The “Y” in the Road

“The notion of a divinely ordained place of punishment for the wicked after death is deeply embedded in the Christian imagination. How should we think and talk about hell?”

A common assumption of life and the universe is that after death every person will face this Y in the road. According to evangelical christianity, those who believe in Jesus will go to heaven and those who do not are destined for hell. This is the familiar unchallenged narrative of the afterlife among christians and even among many people outside of christianity.

There are many people have no interest in changing this traditional view. For those who do question the concept of hell and other aspects of the afterlife, there are many good articles and books about these topics. I am not going to attempt to address the academic arguments in this post.

Because hell is such a fundamental aspect of the narrative of life and the universe, it cannot be questioned without disrupting our entire theological framework. If this occurs, the pieces of the overall story must be put back together in a way that makes sense of a new view of the afterlife.

I had no intention of dropping hell from my theology, but my entire belief system has shifted to the point where there is no longer a place for the traditional notion of hell. The following three beliefs led to my abandonment of the traditional view of hell:

1. There is no “place” outside of God, no place where He is not.
2. The line between this life and the afterlife is much finer than we imagine.
3. The judgment and justice of God will result in the healing of all creation.

As a plausible alternative to the traditional narrative of the afterlife, consider that rather than a Y in the road, all of humanity will spend eternity in the presence of God.

This post is part of the May Synchroblog “What The Hell” – thoughts about the controversial subject of hell. I’ll add the links to all the other participants at the end of this post as soon as they are available.

Jeremy Myers – Does Jesus Talk About Hell More Than Heaven?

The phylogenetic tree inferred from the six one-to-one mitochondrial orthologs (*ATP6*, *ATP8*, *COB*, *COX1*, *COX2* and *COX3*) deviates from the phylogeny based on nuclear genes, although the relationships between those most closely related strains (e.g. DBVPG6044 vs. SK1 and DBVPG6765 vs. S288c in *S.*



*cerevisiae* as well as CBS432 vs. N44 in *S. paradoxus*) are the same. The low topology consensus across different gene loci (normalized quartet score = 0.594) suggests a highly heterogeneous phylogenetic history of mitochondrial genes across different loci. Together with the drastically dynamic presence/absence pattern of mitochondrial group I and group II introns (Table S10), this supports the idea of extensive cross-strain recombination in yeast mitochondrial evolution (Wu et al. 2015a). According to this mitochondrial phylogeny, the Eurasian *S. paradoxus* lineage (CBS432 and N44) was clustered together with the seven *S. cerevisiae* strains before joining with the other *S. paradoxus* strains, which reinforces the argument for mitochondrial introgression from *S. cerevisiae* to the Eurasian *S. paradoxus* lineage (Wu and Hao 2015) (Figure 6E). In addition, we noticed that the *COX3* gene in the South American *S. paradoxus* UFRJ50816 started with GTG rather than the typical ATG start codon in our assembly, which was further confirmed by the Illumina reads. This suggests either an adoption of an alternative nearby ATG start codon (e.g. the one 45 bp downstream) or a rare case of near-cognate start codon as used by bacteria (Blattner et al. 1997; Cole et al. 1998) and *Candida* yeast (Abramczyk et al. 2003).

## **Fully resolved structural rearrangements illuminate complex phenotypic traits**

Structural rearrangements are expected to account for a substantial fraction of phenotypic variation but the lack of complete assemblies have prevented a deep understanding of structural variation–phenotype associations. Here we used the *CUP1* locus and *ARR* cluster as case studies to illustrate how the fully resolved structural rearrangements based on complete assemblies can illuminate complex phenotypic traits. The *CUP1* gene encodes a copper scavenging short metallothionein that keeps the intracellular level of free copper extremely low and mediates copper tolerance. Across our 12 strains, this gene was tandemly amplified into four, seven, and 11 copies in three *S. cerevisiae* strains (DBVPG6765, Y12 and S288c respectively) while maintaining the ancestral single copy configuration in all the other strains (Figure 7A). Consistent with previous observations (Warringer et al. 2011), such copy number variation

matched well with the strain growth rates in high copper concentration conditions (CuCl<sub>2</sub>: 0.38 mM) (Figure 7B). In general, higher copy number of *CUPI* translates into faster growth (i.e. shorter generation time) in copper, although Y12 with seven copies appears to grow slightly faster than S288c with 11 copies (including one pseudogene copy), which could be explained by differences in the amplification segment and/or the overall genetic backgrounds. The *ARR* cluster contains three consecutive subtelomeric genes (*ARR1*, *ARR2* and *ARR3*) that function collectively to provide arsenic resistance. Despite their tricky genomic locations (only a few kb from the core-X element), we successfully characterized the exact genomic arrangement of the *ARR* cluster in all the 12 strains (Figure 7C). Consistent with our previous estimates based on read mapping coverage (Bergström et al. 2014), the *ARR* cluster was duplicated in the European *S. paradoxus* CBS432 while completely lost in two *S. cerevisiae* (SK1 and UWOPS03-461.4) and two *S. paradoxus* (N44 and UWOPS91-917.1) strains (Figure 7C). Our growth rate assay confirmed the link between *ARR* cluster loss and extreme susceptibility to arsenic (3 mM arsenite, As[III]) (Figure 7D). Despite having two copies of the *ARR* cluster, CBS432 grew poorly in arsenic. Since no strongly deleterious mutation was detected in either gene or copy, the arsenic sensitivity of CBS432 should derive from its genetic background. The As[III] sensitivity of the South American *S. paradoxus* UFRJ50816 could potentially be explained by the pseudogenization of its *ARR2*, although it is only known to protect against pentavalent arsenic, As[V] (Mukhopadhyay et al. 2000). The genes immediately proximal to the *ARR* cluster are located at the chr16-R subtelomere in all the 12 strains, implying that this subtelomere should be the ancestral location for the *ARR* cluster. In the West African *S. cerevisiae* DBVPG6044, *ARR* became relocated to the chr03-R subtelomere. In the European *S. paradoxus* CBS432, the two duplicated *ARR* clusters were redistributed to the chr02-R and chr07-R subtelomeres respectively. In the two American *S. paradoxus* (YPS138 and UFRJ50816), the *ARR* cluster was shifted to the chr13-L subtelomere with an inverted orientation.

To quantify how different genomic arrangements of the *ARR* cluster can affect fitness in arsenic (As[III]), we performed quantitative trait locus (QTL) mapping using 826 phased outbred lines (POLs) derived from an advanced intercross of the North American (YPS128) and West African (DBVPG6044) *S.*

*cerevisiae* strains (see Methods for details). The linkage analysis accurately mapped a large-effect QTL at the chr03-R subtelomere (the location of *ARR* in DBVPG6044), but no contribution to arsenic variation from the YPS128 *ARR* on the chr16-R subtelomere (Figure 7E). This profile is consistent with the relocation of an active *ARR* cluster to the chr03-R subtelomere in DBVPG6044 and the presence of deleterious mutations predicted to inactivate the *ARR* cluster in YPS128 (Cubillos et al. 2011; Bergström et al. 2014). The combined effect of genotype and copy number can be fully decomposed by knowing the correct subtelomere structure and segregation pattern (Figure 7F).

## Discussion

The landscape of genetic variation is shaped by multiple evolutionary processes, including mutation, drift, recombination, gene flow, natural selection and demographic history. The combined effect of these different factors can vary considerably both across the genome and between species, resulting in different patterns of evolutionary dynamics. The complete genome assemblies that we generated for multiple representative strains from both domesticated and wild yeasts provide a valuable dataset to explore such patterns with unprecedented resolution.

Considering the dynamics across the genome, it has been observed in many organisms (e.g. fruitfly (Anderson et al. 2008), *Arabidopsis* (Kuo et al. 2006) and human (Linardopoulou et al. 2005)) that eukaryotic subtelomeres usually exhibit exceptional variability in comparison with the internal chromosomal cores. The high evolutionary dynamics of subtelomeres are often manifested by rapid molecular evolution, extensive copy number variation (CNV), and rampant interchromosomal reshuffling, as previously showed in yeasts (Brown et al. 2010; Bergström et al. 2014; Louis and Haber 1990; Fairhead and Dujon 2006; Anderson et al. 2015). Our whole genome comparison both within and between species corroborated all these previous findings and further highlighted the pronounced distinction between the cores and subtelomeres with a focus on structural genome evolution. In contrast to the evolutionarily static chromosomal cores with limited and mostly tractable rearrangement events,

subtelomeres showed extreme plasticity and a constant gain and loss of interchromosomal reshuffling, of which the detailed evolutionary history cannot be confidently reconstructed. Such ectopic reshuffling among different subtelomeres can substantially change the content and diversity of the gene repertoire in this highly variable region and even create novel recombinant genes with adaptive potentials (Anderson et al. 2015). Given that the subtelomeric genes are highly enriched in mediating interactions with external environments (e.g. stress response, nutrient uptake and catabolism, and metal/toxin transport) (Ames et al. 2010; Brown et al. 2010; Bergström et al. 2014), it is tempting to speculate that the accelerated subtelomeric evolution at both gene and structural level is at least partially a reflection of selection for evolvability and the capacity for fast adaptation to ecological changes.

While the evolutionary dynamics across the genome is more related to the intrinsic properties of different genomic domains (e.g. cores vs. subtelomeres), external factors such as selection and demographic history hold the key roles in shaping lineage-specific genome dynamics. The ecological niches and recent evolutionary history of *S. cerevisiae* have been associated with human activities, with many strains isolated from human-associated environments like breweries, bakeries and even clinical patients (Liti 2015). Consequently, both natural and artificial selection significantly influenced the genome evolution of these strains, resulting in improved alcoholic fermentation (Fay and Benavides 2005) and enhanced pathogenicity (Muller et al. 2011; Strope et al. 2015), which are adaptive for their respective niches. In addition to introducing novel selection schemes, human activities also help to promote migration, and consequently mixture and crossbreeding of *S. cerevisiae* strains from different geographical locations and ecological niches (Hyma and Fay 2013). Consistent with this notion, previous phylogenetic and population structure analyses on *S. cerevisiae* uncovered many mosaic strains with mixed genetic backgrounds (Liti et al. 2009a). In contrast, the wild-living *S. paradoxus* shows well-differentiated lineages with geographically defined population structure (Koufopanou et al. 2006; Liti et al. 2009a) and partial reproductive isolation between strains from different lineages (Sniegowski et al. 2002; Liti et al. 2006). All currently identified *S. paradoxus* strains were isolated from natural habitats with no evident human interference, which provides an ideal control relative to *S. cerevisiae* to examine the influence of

Wesley Rostoll – Hell, thoughts on annihilationism
K. W. Leslie – Dark Christians
Angie Benjamin – Hell Is For Real
Paul Meier – Hell Is For Real – I’ve Been There and Came Back
Glenn Hager – Abusing Hell
The Virtual Abbess – What The Hell?
Kimbery Klein – Hell, if I know.
Michael Donahoe – Hell Yes…or No?
Liz Dyer – Hell? No!
Margaret Boelman – Hell No I Won’t Go
Loveday Anyim – Why the hell do you believe in hell?
Linda – The “Y” in the Road
Edwin Aldrich – What the Hell do we really know.
Mallory Pickering – The Time I Blogged About Hell

 

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19 thoughts on “The “Y” in the Road

    1. Thanks Peggy. I would like to have interacted with yours and other posts in this synchroblog, but I had to paint the exterior of my house and I have a daughter getting married this weekend.

  1. It is not according to Christianity, it is according to the Bible. You must always base you belief on what the Bible says not what you think or what some false teacher says. Pr 16:25 There is a way that seems right to a man, but its end is the way to death.
    Ps 1:6 for the LORD knows the way of the righteous, but the way of the wicked will perish.
    John 14:6 Jesus said to him, “I am the way, and the truth, and the life. No one comes to the Father except through me.
    Now, that sure sounds like a “Y” in the road. The decision you must make is which way will you go. If you continue on the path you are you will not make it to heaven.

    1. Hi Ken, sorry for the late response. I absolutely agree with each of the verses you have posted. We all have an interpretive lens that we apply to Scripture. We choose daily whether we will participate in life in the kingdom of God or in the emptiness of darkness.

  2. Some things that make me pause when trying to dismiss the traditional notion of hell too quickly are much along the lines of what you mentioned: